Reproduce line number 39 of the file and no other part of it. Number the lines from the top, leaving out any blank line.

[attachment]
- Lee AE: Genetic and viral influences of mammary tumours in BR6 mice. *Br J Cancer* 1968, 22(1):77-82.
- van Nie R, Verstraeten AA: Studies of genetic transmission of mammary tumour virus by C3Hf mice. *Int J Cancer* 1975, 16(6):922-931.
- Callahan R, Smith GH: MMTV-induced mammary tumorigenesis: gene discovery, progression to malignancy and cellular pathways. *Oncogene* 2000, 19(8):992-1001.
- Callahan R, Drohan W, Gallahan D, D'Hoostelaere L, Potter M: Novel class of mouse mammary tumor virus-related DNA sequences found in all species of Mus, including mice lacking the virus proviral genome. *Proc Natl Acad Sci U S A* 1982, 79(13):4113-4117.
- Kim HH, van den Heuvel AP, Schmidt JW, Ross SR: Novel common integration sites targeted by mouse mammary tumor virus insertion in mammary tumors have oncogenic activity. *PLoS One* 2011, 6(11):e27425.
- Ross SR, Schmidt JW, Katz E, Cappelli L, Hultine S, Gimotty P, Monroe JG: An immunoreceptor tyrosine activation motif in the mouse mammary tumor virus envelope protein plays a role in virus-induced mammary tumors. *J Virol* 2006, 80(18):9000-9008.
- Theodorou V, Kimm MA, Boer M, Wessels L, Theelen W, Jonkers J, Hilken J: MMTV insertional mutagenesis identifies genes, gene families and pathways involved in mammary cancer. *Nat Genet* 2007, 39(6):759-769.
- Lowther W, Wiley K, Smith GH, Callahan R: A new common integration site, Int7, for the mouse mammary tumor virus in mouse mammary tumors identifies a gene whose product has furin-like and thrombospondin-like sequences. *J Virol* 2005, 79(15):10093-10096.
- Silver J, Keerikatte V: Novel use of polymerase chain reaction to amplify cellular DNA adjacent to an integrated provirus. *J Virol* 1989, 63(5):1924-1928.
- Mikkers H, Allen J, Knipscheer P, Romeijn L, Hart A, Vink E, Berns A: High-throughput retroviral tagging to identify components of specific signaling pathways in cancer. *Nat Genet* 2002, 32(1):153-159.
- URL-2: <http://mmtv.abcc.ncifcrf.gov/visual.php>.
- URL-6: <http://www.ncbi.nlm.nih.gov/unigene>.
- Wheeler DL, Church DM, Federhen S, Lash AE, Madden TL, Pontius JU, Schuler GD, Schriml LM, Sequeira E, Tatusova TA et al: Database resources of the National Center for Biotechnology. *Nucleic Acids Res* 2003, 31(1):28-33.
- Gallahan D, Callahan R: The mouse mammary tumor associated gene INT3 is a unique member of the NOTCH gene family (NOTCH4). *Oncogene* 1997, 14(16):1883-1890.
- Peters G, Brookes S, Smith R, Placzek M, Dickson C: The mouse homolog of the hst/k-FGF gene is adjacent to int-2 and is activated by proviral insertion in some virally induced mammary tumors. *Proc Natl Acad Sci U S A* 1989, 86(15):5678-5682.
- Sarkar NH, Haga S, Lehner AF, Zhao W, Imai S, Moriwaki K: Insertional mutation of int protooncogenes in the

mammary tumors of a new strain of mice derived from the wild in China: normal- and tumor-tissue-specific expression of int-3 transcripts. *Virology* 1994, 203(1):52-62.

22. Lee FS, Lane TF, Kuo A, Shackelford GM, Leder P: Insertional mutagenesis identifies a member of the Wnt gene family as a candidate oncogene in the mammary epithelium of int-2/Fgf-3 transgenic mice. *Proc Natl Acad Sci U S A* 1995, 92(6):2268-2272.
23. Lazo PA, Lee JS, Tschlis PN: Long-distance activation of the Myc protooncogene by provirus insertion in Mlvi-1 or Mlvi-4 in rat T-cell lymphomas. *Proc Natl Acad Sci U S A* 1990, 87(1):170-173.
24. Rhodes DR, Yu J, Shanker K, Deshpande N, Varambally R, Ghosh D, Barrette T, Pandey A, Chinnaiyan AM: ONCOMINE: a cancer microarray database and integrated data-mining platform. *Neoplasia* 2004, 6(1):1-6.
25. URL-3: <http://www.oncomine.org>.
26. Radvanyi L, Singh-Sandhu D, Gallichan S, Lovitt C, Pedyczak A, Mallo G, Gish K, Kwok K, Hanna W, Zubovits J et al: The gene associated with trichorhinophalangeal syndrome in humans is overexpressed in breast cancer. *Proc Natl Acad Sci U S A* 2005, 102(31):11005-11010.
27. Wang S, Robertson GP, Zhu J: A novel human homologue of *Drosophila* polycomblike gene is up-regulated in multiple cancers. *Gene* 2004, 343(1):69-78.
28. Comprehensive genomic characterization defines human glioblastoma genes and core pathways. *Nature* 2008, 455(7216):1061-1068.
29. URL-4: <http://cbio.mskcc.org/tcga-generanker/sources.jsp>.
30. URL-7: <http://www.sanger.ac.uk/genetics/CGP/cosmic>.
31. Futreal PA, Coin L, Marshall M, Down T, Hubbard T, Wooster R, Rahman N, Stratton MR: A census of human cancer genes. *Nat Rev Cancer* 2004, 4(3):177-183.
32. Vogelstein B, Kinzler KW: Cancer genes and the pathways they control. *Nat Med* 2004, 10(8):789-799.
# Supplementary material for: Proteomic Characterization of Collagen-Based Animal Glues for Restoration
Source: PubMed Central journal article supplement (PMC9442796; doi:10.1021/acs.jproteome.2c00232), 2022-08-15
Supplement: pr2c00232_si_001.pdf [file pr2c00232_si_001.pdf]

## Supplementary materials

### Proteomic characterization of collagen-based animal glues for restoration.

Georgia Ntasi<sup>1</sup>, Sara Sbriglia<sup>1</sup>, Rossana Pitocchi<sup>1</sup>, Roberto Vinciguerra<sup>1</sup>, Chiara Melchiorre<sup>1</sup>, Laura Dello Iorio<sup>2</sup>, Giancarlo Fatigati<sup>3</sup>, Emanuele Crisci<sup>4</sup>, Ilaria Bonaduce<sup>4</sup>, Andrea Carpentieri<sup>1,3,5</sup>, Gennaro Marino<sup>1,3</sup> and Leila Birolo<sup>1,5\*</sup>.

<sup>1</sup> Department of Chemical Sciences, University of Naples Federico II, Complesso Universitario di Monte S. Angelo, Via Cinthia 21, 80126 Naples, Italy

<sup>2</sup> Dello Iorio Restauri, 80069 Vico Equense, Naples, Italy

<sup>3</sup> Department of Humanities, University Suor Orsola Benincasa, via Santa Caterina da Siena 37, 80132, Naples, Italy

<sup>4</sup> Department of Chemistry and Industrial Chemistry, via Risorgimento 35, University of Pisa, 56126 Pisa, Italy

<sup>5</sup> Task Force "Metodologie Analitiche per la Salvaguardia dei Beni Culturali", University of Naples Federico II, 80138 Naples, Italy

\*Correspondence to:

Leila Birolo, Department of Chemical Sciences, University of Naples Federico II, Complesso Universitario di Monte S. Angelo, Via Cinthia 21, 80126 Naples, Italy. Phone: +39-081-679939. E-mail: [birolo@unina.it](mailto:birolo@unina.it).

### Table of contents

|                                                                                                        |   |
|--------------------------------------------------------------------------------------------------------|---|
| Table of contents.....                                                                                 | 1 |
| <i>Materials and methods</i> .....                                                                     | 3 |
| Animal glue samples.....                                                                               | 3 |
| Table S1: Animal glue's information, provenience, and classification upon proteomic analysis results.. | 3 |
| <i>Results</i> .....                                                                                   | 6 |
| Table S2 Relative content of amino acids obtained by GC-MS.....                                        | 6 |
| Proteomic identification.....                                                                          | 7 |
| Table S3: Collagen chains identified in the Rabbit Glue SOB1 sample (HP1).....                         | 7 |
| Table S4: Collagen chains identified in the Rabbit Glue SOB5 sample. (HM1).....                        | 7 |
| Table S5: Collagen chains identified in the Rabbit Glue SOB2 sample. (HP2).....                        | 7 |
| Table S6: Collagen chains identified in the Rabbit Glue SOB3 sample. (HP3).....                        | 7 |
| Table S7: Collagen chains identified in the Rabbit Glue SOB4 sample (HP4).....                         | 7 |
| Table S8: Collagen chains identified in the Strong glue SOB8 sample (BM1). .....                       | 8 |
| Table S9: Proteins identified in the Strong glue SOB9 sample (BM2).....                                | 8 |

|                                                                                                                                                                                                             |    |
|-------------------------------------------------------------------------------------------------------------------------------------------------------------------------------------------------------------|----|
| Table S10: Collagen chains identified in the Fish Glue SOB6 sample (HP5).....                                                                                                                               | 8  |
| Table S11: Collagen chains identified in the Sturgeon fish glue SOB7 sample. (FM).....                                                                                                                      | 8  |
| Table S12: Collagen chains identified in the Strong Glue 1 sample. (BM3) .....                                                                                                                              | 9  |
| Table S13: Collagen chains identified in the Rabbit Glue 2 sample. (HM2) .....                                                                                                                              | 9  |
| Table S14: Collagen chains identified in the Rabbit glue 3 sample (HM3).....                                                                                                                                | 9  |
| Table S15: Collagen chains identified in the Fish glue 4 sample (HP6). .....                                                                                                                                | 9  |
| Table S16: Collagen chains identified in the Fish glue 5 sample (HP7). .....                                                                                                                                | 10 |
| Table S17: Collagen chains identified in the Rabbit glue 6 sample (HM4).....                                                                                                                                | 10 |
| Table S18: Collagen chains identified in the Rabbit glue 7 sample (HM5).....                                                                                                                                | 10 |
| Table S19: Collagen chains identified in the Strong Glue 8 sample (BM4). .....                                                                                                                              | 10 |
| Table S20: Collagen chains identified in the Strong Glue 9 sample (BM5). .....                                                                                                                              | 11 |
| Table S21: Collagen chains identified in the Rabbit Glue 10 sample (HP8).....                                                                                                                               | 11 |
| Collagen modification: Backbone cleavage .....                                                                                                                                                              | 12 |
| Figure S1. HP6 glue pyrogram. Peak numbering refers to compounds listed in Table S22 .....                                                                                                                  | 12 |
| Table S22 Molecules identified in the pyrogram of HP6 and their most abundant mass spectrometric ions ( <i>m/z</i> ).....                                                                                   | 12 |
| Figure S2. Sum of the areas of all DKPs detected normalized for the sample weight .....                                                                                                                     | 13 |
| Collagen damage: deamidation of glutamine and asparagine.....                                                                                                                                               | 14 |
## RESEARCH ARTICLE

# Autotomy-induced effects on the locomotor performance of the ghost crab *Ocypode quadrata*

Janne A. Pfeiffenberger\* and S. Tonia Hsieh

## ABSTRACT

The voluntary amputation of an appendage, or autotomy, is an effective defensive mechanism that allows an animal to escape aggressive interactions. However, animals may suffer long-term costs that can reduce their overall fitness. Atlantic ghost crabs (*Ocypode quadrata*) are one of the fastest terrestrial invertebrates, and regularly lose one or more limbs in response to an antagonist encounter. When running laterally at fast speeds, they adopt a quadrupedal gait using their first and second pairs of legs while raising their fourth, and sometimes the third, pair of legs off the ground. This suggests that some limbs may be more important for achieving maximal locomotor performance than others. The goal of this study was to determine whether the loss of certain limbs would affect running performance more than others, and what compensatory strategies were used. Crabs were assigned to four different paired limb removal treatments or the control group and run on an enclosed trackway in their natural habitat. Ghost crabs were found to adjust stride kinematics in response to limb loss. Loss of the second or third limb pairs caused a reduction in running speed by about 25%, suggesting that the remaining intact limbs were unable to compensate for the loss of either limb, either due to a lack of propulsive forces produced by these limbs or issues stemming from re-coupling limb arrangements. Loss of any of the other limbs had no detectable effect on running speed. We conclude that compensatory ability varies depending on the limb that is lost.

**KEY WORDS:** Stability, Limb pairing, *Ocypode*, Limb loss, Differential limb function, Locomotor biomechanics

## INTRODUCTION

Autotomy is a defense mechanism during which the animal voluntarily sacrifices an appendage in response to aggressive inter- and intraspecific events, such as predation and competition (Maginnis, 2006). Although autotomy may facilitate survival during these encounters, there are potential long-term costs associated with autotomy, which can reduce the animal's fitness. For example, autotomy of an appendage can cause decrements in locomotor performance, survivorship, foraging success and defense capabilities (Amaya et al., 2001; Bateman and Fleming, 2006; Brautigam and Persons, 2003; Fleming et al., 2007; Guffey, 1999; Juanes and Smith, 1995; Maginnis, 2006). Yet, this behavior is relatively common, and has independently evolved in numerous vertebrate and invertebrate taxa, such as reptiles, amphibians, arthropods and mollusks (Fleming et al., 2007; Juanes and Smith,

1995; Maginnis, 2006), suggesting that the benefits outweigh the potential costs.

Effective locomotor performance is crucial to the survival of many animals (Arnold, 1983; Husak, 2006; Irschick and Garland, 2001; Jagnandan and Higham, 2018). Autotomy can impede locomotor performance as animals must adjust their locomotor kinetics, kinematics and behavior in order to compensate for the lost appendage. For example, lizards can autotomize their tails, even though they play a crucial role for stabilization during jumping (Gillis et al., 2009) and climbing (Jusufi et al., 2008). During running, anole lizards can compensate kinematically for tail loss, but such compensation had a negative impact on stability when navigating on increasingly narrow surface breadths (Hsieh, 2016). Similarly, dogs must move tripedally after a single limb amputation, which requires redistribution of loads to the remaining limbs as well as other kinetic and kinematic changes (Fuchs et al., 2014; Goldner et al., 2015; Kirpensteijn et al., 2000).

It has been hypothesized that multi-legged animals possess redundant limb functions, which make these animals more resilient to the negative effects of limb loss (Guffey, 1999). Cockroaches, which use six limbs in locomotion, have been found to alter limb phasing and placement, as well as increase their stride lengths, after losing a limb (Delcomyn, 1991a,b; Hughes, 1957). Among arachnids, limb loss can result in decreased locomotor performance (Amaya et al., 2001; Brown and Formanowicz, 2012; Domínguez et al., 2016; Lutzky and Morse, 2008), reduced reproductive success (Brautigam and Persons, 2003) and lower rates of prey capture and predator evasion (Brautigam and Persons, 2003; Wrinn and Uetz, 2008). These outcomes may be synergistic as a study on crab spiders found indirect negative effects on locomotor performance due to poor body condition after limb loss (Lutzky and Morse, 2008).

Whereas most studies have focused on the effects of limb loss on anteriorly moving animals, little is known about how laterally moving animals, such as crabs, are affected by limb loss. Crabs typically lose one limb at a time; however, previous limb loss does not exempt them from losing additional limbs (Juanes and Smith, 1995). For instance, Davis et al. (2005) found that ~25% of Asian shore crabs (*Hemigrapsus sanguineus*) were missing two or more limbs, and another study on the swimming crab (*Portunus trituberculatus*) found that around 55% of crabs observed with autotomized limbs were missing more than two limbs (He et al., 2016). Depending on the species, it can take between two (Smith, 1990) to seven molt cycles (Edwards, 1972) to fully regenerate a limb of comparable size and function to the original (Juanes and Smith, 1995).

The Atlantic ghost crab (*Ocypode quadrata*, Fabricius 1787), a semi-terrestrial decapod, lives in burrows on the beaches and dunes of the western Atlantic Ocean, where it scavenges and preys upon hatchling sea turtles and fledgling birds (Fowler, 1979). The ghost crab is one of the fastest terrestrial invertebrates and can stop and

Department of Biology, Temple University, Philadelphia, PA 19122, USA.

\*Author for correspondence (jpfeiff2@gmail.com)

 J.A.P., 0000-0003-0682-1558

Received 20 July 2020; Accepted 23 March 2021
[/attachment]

<sup>5</sup> Task Force "Metodologie Analitiche per la Salvaguardia dei Beni Culturali", University of Naples Federico II, 80138 Naples, Italy